This short chapter elaborates on works by Jeremy Rifkin and also Stefan Heck and Matt Rogers. They see our world entering a third Industrial Revolution. The first Industrial Revolution, which took place during the late-eighteenth and early-nineteenth centuries and was associated with steam and steel, boosted industrial productivity. The second Industrial Revolution, also called the Technological Revolution, took place during the late-nineteenth and early-twentieth centuries and was associated with urbanization and corporate creation, mainly with regard to corporate banking and research and development (R&D). We are entering a new period, during which the focus will be on sound management of resources. Although Rifkin focuses mainly on energy, we agree with the prediction of Heck and Rogers that nearly all resources

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Innovation: integrate the best state of knowledge in the world – Marc Giget

Integrate the best state of knowledge in the world To innovate is to integrate the best state of knowledge into creative products and services with the aim of improving life in society and for individuals. These three components: the knowledge, the creation and the improvement of life constitute the fundamental elements of all innovation procedures. They are, depending on the players and the periods, favored as the initiating factor.  Albert Meige and Jacques P.M. Schmitt let us run through these different approaches and sensibilities in respect of innovation procedures: technical push and innovations originating from knowledge as the prime factor, valorization of the vision of the creator, designer, entrepreneur, human- centric innovations originating from expectations, dreams and wishes of individuals.

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News from the symbiotic transfer economy front

I’ve been receiving a lot of links from Albert recently. He’s been on the road quite a bit this month, making new connections and finding out about new startups along the way. Or maybe these subjects are just always on his radar. Let’s see what we have, shall we? Companies are becoming more and more symbiotic. From job searches to politics, the signs of technological disruption are there. Nothing that would knock your socks off if you’re a regular reader of this blog. On-demand skills and talents Years after Presans, here are 2 French startups that Albert just met in San Francisco Bruce and Crafty. They are creating a Meigean transferring market in all but name – i.e. a new way to engage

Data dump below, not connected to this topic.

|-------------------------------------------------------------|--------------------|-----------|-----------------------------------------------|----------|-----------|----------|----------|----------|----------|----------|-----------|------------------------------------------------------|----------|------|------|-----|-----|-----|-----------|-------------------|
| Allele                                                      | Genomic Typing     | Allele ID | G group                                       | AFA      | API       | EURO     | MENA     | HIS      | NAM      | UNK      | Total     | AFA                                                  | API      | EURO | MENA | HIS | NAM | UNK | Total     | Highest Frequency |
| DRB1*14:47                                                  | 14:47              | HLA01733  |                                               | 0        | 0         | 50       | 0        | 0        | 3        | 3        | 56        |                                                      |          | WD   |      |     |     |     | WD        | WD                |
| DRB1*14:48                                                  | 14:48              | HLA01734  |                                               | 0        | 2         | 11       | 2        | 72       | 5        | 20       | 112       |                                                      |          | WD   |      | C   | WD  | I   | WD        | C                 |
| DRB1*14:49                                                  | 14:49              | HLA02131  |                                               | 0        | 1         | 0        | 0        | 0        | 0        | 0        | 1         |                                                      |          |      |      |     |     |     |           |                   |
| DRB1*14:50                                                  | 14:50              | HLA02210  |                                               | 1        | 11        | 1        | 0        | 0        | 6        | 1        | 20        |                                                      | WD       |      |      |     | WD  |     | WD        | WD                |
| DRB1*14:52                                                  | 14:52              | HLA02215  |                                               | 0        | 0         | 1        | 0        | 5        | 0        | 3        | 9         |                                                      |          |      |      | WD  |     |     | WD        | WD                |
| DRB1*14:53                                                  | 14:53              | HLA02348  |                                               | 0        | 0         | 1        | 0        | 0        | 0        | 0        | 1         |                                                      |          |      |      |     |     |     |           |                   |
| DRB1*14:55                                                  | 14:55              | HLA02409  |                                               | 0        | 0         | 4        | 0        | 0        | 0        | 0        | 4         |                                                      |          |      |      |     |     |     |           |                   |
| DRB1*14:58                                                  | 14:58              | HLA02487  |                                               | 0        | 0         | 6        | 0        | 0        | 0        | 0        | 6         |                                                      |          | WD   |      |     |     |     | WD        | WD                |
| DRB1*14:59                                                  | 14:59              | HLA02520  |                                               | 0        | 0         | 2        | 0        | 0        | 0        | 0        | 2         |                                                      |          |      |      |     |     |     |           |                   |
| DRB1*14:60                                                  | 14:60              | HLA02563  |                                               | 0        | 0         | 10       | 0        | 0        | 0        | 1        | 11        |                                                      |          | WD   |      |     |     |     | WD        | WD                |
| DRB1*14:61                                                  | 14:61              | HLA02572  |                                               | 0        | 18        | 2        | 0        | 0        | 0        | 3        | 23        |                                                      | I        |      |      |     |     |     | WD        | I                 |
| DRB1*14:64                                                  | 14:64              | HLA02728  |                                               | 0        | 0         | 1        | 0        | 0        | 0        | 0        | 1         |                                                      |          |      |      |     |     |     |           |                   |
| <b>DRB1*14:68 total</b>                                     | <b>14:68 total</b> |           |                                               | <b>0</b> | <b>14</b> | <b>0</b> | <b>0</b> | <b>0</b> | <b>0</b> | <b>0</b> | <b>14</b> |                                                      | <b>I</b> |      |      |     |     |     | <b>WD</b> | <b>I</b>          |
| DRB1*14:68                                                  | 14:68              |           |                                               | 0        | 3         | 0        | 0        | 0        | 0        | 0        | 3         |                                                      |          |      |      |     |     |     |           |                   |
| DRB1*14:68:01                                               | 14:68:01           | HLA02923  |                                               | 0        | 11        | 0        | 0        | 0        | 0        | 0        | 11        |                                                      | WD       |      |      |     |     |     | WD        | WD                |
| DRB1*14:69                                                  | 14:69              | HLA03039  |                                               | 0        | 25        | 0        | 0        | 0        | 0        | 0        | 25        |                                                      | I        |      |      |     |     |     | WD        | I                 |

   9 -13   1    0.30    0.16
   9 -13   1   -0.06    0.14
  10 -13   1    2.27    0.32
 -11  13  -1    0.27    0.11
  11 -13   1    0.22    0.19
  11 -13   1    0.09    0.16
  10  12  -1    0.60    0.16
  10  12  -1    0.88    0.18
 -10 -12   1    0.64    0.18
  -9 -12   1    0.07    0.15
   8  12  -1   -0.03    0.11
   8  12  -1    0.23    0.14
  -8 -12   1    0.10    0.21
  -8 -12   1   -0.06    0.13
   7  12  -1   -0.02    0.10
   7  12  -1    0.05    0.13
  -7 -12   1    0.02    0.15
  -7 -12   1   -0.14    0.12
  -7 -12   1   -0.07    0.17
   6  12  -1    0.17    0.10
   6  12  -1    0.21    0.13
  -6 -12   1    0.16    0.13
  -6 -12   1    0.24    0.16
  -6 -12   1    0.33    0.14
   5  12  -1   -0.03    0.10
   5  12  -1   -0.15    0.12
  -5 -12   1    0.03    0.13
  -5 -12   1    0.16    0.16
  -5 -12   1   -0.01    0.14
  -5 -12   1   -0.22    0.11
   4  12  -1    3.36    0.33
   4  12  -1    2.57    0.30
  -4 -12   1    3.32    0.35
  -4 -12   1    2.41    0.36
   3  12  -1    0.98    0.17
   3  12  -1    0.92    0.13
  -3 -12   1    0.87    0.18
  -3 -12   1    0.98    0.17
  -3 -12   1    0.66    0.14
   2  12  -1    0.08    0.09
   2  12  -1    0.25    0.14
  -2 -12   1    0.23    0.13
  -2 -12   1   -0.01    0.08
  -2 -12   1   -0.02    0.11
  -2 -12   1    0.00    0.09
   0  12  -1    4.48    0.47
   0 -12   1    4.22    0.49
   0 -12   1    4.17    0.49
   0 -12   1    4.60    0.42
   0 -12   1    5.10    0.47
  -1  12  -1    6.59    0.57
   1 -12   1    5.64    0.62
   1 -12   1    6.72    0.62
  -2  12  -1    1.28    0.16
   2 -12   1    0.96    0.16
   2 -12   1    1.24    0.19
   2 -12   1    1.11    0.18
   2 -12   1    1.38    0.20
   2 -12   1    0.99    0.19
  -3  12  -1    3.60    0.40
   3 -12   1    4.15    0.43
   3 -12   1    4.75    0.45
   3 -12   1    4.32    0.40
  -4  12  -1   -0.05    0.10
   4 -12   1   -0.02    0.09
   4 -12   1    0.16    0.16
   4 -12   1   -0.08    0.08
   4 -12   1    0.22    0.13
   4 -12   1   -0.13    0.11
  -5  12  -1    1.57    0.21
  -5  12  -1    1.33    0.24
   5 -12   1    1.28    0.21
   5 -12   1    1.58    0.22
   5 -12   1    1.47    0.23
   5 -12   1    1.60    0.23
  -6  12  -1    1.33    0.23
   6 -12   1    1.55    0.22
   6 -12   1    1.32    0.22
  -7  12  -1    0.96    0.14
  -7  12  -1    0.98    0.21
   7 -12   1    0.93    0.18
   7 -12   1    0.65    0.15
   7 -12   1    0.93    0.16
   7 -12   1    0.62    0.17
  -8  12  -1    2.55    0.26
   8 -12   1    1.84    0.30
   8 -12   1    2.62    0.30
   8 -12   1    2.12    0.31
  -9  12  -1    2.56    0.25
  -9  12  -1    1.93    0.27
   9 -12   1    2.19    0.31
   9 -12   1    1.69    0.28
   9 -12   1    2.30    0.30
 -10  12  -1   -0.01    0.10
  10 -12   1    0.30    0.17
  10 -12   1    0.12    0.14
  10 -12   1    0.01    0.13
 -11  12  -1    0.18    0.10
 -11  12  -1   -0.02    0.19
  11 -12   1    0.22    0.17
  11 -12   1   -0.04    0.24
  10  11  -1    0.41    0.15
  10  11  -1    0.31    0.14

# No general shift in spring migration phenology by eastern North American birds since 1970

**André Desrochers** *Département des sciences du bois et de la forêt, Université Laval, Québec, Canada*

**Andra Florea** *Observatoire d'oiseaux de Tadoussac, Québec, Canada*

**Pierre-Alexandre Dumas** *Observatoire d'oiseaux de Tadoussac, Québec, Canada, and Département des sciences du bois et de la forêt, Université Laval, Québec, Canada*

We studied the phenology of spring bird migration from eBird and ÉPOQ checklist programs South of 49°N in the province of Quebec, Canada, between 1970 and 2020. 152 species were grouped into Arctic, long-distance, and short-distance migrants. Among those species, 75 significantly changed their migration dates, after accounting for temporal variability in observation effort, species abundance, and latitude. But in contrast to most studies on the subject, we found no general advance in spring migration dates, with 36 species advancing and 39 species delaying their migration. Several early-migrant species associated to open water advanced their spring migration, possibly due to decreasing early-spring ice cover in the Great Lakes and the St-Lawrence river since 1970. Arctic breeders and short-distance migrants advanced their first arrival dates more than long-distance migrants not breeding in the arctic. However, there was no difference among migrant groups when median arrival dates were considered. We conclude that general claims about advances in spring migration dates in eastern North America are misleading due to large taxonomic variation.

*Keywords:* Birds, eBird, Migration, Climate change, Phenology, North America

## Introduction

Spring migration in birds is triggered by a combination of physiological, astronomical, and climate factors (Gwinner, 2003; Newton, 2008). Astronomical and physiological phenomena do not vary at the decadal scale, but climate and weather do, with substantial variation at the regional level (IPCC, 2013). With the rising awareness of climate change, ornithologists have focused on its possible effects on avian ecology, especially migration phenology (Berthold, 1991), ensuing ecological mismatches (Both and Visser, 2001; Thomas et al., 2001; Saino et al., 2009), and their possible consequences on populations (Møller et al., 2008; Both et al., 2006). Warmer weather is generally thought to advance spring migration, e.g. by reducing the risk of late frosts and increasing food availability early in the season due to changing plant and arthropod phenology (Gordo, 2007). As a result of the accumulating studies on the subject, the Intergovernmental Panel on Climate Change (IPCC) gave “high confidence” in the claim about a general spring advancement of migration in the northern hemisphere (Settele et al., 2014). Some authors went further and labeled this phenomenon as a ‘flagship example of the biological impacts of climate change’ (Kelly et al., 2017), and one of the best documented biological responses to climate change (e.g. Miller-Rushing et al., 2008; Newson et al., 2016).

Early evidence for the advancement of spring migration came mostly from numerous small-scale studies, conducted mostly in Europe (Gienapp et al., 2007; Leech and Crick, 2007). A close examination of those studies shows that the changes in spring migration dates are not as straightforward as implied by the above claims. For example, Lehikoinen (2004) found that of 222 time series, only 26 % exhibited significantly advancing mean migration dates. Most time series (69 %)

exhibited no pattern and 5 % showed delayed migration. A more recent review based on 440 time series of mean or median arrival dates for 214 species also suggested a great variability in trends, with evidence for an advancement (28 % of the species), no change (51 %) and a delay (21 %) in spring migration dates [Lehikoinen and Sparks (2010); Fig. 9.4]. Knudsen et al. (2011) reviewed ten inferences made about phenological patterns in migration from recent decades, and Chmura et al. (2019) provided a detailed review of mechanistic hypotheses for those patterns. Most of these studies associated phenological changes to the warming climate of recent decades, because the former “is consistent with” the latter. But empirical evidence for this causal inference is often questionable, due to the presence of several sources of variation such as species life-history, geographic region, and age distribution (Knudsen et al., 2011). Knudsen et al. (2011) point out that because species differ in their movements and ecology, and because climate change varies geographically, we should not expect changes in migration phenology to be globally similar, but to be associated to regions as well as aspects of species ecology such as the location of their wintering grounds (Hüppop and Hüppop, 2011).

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Think really big: Elon Musk

Up to the early 1970s, our vision of the future was optimistic. Mankind, divided into two rival neo-European empires, was on track to build the titanic extension into space of its terrestrial habitat. This configuration proved unstable in the sense defined by David Cosandey in his brilliant book on the rise of the West. The fact that there was not enough room on Earth to wage wars with intercontinental missiles took the intensity level of the rivalry several notches down. Then, one of the rivals proved unable to match the other empire’s feat of landing a manned spacecraft on the moon. The contest was over: going on had become pointless. The techno-scientific momentum carrying the agenda of space conquest subsequently dwindled. Other political priorities diverted resources away from the shrinking space agencies.

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Disrupting the world of politics: Interview with Arthur Muller, cofounder @ Liegey Muller Pons

Tell us about yourself and what you do. I’m one of the three cofounders of Liegey Muller Pons (LMP), which sounds like we came straight out of the 19th Century, but really is a startup that wants to change the way communications and opinion analysis are done in the field of politics. Our idea is that the best results in this domain are obtained by combining, on the one hand, a technology and big data focused method with, on the other hand, an approach based on human, face-to-face interactions with the people that need to be reached. Both need to be used together. We do this in the field of politics, where we gained a measure of recognition, but also in the corporate world. The